I have always been fundamentally unable to forget old lovers while in their presence—even to push the memories very far out of the foreground. So maybe that was it, or maybe it’s simply that being with the two of them has always felt like a kind of love affair to me. Whatever the case, I found my mind dutifully trudging back to their old room, how many different ways I had been their guest over the years, the fine gin-with-lemon-zest Adrian and I drank before crawling across so many borders to the man of her life. We were free to go anywhere. And remembering it, on the heels of their engagement, I felt not at all separate from the prospect of their wedding, but folded warmly in, as ultimately invited as I’ve often been with them.


But always she was the one extending. We always conversed first, she and I, with Sweeney to come later—tolerant of me, even admiring in some ways, but never so forthcoming. So the dinner was not really about him, but for Adrian, about us. Still, we prepared in front of him in their apartment, in a kind of spectacle and inclusion—both of us wearing her dresses, her stockings and shoes, layered under the necessary coats and scarves to travel to Manhattan by train in January. When we left, in a frenzy of embraces and kisses on the cheek, he was drinking juice from its carton and preparing to reheat some fried chicken he had stored in a plastic bag.


Even though I had called in advance to reserve a table, there was a wait when we reached the restaurant. It only lasted a few minutes, and we spent them marveling over the quiet lighting and loud diners, perusing the extensive wine list. When we sat, we ordered a white wine from Argentina, and I was grateful that the waiter poured the first taste into Adrian’s glass instead of mine. I would have been nervous, where she calmly took a sip and nodded her approval. The waiter, a young man who spoke so quietly that we didn’t hear a single thing he explained to us all evening, filled both of our glasses and left.


We glanced around us at what other people were eating—it was one of the only existing upscale raw-food restaurants. Things looked unrecognizable and good, and we were baffled over our menus until we saw a footnote—a prix fixe chef’s tasting menu. Five courses, and no hint as to what they would be. We both excitedly admitted we’d never ordered such a meal before, and I was reminded of all the times we had had such conversations—on the brink of doing something completely new next to each other. And it seemed perfect: To relinquish control and not haggle with ourselves, but give over to an inevitably long evening, able to look at each other and our plates with new eyes.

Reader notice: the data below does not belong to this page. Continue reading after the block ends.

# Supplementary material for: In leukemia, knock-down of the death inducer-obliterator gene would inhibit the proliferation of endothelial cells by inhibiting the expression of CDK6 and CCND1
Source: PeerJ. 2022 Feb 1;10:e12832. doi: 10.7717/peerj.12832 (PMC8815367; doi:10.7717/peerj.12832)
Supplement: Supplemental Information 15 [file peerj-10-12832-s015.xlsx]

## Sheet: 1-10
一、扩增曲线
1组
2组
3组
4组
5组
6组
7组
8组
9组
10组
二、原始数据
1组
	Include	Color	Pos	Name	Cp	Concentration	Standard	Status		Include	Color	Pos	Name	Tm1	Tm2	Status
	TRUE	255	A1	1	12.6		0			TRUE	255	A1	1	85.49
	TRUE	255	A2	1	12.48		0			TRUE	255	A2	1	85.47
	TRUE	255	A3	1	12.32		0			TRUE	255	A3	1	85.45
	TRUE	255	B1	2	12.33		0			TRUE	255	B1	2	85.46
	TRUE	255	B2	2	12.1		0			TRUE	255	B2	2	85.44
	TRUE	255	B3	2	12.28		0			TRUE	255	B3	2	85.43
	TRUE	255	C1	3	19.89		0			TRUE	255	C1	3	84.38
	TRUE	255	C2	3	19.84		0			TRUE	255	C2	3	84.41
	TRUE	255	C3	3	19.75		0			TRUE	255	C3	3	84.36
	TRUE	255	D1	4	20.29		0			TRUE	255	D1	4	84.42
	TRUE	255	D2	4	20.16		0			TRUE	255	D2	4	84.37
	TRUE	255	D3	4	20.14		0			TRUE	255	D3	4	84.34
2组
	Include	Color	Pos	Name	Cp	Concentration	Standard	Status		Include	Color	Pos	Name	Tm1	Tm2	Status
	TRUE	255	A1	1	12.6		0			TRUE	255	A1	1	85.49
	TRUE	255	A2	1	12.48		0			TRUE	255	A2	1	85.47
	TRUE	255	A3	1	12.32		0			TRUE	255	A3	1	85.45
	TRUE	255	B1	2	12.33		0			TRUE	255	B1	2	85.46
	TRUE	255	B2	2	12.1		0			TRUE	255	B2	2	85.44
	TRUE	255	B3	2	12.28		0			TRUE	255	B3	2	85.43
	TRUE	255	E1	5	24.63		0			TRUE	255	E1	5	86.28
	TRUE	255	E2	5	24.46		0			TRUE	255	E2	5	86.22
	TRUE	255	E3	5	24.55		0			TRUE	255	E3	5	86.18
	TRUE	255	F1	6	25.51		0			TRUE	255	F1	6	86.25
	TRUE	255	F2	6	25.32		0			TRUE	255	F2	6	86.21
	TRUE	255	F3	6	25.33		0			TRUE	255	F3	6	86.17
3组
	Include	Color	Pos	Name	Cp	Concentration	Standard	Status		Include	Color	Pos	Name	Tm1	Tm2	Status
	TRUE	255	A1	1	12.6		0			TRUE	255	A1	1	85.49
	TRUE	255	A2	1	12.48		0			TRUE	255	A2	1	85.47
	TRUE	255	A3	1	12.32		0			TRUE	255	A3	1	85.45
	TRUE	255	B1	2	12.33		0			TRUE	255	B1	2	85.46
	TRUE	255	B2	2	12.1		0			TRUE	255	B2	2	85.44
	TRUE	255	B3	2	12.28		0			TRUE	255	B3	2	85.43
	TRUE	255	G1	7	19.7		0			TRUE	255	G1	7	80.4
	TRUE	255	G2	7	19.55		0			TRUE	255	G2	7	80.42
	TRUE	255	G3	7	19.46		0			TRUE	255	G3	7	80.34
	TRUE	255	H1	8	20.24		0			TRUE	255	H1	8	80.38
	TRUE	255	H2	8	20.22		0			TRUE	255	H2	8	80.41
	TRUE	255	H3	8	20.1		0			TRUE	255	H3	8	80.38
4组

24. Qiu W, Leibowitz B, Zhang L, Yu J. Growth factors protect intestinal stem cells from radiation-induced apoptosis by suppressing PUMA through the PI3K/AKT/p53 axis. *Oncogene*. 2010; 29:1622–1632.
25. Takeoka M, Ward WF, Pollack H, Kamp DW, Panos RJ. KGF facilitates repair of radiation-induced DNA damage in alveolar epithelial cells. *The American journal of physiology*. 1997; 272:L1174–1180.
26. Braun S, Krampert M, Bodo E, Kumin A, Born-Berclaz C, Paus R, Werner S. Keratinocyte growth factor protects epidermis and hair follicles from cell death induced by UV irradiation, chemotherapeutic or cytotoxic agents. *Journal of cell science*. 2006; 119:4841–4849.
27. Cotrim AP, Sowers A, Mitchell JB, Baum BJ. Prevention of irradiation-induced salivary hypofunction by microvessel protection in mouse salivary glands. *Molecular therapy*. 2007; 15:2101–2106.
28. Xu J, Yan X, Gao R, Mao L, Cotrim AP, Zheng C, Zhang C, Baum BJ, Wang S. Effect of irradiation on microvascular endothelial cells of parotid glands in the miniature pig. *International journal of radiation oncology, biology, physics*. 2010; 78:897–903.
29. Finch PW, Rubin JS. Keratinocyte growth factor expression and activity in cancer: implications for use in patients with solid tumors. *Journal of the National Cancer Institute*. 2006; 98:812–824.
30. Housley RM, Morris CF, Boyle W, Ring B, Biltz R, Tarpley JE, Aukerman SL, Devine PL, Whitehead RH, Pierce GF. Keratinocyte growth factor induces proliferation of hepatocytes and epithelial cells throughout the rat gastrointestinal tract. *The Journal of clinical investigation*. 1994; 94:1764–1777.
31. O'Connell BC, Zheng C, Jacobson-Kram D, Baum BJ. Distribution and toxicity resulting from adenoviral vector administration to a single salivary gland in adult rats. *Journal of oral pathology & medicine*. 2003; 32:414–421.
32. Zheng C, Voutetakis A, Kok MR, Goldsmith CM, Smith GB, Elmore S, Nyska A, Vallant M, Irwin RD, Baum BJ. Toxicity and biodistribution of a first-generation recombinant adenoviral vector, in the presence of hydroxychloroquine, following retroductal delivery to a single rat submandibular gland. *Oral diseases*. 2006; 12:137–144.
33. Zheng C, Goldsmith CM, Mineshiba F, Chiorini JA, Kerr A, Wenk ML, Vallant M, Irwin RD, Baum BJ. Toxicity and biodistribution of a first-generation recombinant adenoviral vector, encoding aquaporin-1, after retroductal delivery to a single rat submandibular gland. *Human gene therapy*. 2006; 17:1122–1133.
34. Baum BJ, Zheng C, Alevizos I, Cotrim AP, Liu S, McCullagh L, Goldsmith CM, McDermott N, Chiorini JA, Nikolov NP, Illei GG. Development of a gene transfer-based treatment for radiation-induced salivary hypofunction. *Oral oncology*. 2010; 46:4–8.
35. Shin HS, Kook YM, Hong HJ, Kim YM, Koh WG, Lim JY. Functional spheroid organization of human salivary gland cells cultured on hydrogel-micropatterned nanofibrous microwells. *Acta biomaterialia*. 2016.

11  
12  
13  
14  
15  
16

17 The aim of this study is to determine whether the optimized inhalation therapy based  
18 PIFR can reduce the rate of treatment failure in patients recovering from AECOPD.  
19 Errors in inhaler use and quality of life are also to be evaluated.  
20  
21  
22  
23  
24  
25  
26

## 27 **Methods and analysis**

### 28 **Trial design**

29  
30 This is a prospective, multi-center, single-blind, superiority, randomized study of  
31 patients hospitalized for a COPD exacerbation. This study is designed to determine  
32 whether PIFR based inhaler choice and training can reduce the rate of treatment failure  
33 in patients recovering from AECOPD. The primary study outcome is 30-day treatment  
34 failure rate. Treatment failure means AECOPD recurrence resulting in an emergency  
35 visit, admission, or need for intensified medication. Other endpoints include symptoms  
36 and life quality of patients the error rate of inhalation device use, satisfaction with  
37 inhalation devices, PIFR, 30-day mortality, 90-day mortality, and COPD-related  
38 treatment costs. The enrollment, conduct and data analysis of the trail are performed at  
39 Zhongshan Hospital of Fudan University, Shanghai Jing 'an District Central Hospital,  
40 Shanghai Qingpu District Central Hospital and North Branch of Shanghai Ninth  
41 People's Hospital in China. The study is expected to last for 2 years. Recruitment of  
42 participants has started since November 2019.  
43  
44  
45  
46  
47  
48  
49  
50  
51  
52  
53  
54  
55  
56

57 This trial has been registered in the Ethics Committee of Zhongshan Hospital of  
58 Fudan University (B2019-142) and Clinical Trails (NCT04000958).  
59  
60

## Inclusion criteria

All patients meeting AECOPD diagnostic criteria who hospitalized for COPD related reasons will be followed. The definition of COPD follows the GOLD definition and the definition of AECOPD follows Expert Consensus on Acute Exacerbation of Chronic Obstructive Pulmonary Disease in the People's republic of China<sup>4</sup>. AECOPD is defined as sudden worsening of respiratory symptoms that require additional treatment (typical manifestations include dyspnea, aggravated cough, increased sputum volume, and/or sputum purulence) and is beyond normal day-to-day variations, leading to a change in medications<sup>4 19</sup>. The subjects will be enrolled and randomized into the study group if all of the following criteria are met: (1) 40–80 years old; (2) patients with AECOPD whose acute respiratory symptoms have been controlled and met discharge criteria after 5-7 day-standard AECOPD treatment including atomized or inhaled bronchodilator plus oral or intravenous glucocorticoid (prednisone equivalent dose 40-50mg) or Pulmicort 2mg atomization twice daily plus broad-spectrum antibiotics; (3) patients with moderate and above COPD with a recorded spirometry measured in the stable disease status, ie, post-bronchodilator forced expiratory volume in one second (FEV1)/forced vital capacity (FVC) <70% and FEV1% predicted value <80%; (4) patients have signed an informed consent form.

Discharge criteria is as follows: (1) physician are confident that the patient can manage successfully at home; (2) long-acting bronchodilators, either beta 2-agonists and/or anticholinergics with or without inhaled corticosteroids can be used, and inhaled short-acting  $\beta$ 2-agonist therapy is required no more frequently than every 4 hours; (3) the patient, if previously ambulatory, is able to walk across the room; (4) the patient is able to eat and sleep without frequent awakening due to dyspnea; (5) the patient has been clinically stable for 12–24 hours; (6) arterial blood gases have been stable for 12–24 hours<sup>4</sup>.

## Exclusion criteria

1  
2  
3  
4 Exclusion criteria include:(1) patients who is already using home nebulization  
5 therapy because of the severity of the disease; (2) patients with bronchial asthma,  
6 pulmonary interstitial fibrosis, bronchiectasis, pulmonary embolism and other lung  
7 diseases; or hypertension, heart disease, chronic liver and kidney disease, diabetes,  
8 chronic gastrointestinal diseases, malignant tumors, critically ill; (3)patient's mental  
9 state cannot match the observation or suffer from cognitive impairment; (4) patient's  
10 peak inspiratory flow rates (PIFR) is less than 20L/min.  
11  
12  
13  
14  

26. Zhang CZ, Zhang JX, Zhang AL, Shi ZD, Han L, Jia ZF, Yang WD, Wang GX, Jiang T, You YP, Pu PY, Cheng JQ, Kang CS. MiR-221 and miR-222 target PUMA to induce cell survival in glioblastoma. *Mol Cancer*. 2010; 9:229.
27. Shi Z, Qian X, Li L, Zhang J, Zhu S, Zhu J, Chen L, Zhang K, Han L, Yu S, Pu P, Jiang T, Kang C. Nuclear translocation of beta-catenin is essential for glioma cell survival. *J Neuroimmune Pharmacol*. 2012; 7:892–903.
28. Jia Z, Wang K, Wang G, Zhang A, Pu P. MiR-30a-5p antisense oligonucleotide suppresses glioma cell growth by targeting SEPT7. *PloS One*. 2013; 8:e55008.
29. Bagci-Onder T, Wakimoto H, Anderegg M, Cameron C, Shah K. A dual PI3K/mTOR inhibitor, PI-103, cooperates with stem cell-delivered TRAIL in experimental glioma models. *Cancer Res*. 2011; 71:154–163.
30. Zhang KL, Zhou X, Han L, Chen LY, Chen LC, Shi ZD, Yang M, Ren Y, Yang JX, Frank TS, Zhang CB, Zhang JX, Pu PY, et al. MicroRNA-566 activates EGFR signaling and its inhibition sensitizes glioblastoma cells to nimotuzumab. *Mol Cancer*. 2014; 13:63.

The waiter, too, was pleased, and in fact, our request seemed to stir up a kind of rallying in the restaurant. From then on, a new member of the staff came to our table each time, detailing the dishes to us in a common inaudible whisper before setting them down. The food was complex, and hard to remember now. A raw butternut squash soup with sage cream, corn tamales, oyster mushrooms prepared somehow reminiscent of actual oysters. A whole tray of different ice creams, displayed like petit-fours. And the wine was easier to drink than any I’d ever had—our cheeks flushing while we rehashed all of the “food dates” we’d had since we met, my quiet assertion that she was the most beautiful woman I’d ever known. What I meant was, there is no one else on this earth I’d rather share a three-hour meal with. No one would catch the light so consistently as you. No one has such love waiting for them at home, and such love sitting across from them at the table.


That was how it had been with her: We were able to laugh always, and always be heartened at my unflinching enamorment of her. It disturbed nothing but sat with us like the prophet Elijah, for whom the door was always open, a plate always left. I wondered at him as our bill was dropped off, then stopped wondering. He’s Sweeney, I thought, as we finished the last of the wine and paid. The good will guest, the absentee saint of this meal. How good to feel we have his blessing, and be able to bless him back.

Thursday, March 1, 2012

Lily Eats

Pent House, they call it the Pent House

The household is being reconfigured: A week ago we sat down with the building's super to add up the collective incomes of the roommates who intend to stay for a new lease. "I can't even rent to this group," he said, referring to people who make as little money as we do. But since he knows we'd never missed the rent before, he decided he would do it anyway, sighed at the defense he would have to pitch for us to the absentee landlord. Told me that even though I'm not going to be on the lease, he'll still take my phone number for contact info and "in case I need a date to the prom." Signing on for another year here feels a lot like promising to carry a child to term--all of us feel a little bit like we are putting down collateral on a responsibility we are only half-certain of handling, worrying about money, planning art shows, apprehensively approaching bringing new people into our world.